Blisters between the toes
Blisters between the toes (interdigital blisters) can be the most painful blisters of all. There are two types of blisters that could be classed as interdigital blisters:
- True interdigital blisters – blisters literally between two toes. These aren't as common as the next type - pinch blisters.
- Pinch blisters – blisters towards the bottom or end of the toe, common with adductovarus (curly) toes. The underside of the toe often takes on a triangular shape. These blisters are a result of how one toe curls under the next toe and basically gets 'trodden on' with a blister being the result.
The bony anatomy of the toes
Phalanges - toe bone anatomy
Toes are bony little things. There are 3 phalanges (toe bones) in each toe (except the big toe which has 2, like your thumb). Phalanges aren't smooth straight bones, they're pretty lumpy. Look at the x-ray of the big toe and second toe. In this image you can see the soft tissue of each toe and even the nails if you look closely. And you can see the phalanges under the skin. Notice how they are wide at the ends and skinny in the middle.
Even at the best of times, you can see how the bony prominence of one toe can press on the bony prominence of the adjacent toe. This is even more-so when a toe is bent or curly - one gets "trodden on" and pinched. And the toes don't necessarily remain still in the shoe as you walk and run. They move relative to one another.
Before we delve into ways you can prevent both types of blisters between the toes, have a look at the interdigital blister below.
How To Stop Blisters Between Toes
1. Foam or gel wedges
Foam and gel (pictured) wedges keep the toes physically separated and cushion bony prominences. The silicone gel material absorbs a lot (repeat, a lot) of shear via its very low shear modulus. Interdigital wedges are almost always comfortable because the material is soft. But they can dislodge and move around, because apart from the toes sitting close together, there's nothing actually holding them in place. In-shoe conditions (sweat/grit) cause them to degrade prematurely, especially foam wedges. These products are available at pharmacies and from some podiatrists.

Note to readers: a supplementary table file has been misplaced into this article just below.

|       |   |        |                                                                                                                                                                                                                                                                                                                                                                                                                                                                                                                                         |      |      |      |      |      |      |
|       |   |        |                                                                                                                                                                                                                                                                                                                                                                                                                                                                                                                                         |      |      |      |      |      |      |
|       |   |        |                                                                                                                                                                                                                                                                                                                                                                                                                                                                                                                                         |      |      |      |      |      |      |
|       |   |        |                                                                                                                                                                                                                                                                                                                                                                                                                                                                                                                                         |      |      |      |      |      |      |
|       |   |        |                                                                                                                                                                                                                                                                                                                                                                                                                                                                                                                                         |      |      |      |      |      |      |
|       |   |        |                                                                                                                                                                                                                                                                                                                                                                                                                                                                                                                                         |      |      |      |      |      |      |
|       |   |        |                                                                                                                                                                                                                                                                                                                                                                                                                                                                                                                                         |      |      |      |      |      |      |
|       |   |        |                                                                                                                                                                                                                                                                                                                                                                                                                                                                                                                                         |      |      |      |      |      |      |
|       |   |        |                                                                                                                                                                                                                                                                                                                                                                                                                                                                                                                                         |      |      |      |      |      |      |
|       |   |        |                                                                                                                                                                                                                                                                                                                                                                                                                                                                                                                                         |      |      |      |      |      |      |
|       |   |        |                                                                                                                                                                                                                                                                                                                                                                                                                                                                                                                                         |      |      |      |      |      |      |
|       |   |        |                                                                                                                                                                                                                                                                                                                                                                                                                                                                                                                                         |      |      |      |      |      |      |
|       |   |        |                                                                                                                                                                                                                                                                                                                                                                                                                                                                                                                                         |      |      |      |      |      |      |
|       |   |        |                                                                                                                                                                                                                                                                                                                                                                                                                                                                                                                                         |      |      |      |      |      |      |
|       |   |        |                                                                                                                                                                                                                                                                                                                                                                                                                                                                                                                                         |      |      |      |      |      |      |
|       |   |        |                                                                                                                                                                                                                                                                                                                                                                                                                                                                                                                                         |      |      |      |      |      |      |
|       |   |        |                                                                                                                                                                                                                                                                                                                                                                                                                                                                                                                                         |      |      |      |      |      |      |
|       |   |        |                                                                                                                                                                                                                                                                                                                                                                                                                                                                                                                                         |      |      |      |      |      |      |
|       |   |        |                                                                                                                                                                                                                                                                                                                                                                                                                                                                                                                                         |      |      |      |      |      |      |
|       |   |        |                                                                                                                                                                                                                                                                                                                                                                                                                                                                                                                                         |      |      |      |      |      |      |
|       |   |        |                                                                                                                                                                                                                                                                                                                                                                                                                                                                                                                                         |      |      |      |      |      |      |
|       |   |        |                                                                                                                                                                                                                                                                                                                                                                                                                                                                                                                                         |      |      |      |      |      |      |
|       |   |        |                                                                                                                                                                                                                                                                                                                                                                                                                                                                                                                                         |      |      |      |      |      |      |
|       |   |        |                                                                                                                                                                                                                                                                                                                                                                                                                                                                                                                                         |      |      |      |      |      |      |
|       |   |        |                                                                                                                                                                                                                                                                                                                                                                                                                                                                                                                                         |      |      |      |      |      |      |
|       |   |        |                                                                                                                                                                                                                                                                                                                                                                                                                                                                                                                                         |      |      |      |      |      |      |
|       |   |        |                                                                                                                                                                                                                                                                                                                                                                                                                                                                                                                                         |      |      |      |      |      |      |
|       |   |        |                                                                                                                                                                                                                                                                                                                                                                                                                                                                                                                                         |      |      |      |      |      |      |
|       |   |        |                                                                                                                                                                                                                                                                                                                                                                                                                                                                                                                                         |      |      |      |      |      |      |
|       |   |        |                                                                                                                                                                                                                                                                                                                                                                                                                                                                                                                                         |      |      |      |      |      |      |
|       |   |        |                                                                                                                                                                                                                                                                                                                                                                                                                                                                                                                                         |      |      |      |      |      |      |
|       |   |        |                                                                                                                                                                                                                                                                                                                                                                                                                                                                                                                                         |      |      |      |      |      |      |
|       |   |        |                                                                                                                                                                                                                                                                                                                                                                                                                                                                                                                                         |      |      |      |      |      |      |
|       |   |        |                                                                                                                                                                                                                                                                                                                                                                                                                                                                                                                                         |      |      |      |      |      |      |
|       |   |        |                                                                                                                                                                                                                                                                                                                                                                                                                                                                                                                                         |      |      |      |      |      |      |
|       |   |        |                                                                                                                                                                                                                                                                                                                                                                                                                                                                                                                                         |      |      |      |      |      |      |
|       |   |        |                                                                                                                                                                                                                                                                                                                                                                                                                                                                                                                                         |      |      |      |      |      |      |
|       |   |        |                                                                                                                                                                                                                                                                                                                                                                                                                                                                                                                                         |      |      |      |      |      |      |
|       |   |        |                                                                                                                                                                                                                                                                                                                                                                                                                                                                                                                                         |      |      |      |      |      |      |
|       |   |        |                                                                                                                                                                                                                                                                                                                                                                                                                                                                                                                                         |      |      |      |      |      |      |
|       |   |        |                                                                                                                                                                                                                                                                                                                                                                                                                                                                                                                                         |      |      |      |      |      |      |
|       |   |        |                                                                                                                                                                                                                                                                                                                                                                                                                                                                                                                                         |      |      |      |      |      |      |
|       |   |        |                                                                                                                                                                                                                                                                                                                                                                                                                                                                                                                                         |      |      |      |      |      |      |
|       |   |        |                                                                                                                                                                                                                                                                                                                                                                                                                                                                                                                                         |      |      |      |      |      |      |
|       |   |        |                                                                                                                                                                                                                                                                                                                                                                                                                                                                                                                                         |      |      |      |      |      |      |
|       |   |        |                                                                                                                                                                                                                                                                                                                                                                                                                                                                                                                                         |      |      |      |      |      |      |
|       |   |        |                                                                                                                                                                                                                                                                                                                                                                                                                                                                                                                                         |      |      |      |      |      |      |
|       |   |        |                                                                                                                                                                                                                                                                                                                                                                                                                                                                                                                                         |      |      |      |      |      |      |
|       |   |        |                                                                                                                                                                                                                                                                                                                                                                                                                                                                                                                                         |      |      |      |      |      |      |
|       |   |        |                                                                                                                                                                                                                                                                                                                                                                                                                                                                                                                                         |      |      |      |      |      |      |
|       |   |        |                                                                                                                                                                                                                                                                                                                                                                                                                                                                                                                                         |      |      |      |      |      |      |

2. Silicone gel toe sleeve
These are like a little sock for an individual toe and come either open or closed at one end. The best ones have gel all around thereby providing 360 degree toe protection. Compared to the wedges (above), they are more likely to stay in place because they are elasticised. The silicone gel material is the same so they still absorb a lot of blister-causing shear (in fact, silicone gel absorbs too much shear for the main weightbearing parts of the foot, but for toes they are perfect). They can be helpful for pinch blisters as they encapsulate and hold the soft tissue component of the toe together so it’s not getting "trodden on" as much with each step. Some people find they make the skin too sweaty; and I have seen this happen (a runner whose skin became macerated after 6 hours of wear). But I have also seen an ultramarathoner wear one of these 24/7 for 6 days (6-day ultramarathon) without skin maceration. So the relative success will be very subject specific, but I highly recommend trying them.
3. Otoform K wedge
Otoform K is a moldable putty material that sets and holds its shape. Podiatrists use it frequently to achieve an even pressure along the entire interdigital space, in spite of even the most significant toe deformities. It's the best way to achieve even pressure - better than cushioning methods (above). The aim is either to get the toe to sit straighter; or if not, at least prevent high focal pressure by moulding the material to the interdigital space. You need to be standing while the material sets - because non-weightbearing toe alignment is always different to weightbearing alignment. The good thing about Otoform K is it's long-lasting (months to years) and is easy to keep clean. However, they aren’t always tolerated because they can feel hard and foreign. Watch this video to see this material in action.